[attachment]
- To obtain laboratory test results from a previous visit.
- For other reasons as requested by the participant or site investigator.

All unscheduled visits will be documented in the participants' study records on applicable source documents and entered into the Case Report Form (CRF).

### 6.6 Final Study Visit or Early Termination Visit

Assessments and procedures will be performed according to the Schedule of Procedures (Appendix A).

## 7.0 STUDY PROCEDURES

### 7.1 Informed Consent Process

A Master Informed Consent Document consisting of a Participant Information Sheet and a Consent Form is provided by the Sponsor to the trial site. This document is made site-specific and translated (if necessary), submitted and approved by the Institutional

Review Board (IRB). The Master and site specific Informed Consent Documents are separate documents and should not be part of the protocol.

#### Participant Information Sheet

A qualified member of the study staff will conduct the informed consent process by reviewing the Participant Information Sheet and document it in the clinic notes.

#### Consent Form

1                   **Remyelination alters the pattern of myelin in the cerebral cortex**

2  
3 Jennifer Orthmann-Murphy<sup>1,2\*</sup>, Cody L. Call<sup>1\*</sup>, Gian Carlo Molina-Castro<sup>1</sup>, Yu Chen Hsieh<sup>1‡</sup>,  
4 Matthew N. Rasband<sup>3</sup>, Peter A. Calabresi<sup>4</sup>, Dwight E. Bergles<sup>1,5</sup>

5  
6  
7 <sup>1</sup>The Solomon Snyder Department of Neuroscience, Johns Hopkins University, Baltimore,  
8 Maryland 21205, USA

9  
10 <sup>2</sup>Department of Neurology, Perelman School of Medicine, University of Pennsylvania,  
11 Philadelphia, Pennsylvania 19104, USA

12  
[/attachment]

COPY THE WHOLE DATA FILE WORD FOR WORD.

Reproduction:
- To obtain laboratory test results from a previous visit.
- For other reasons as requested by the participant or site investigator.

All unscheduled visits will be documented in the participants' study records on applicable source documents and entered into the Case Report Form (CRF).

### 6.6 Final Study Visit or Early Termination Visit

Assessments and procedures will be performed according to the Schedule of Procedures (Appendix A).

## 7.0 STUDY PROCEDURES

### 7.1 Informed Consent Process

A Master Informed Consent Document consisting of a Participant Information Sheet and a Consent Form is provided by the Sponsor to the trial site. This document is made site-specific and translated (if necessary), submitted and approved by the Institutional

Review Board (IRB). The Master and site specific Informed Consent Documents are separate documents and should not be part of the protocol.

#### Participant Information Sheet

A qualified member of the study staff will conduct the informed consent process by reviewing the Participant Information Sheet and document it in the clinic notes.

#### Consent Form

1                   **Remyelination alters the pattern of myelin in the cerebral cortex**

2  
3 Jennifer Orthmann-Murphy<sup>1,2\*</sup>, Cody L. Call<sup>1\*</sup>, Gian Carlo Molina-Castro<sup>1</sup>, Yu Chen Hsieh<sup>1‡</sup>,  
4 Matthew N. Rasband<sup>3</sup>, Peter A. Calabresi<sup>4</sup>, Dwight E. Bergles<sup>1,5</sup>

5  
6  
7 <sup>1</sup>The Solomon Snyder Department of Neuroscience, Johns Hopkins University, Baltimore,  
8 Maryland 21205, USA

9  
10 <sup>2</sup>Department of Neurology, Perelman School of Medicine, University of Pennsylvania,  
11 Philadelphia, Pennsylvania 19104, USA

12  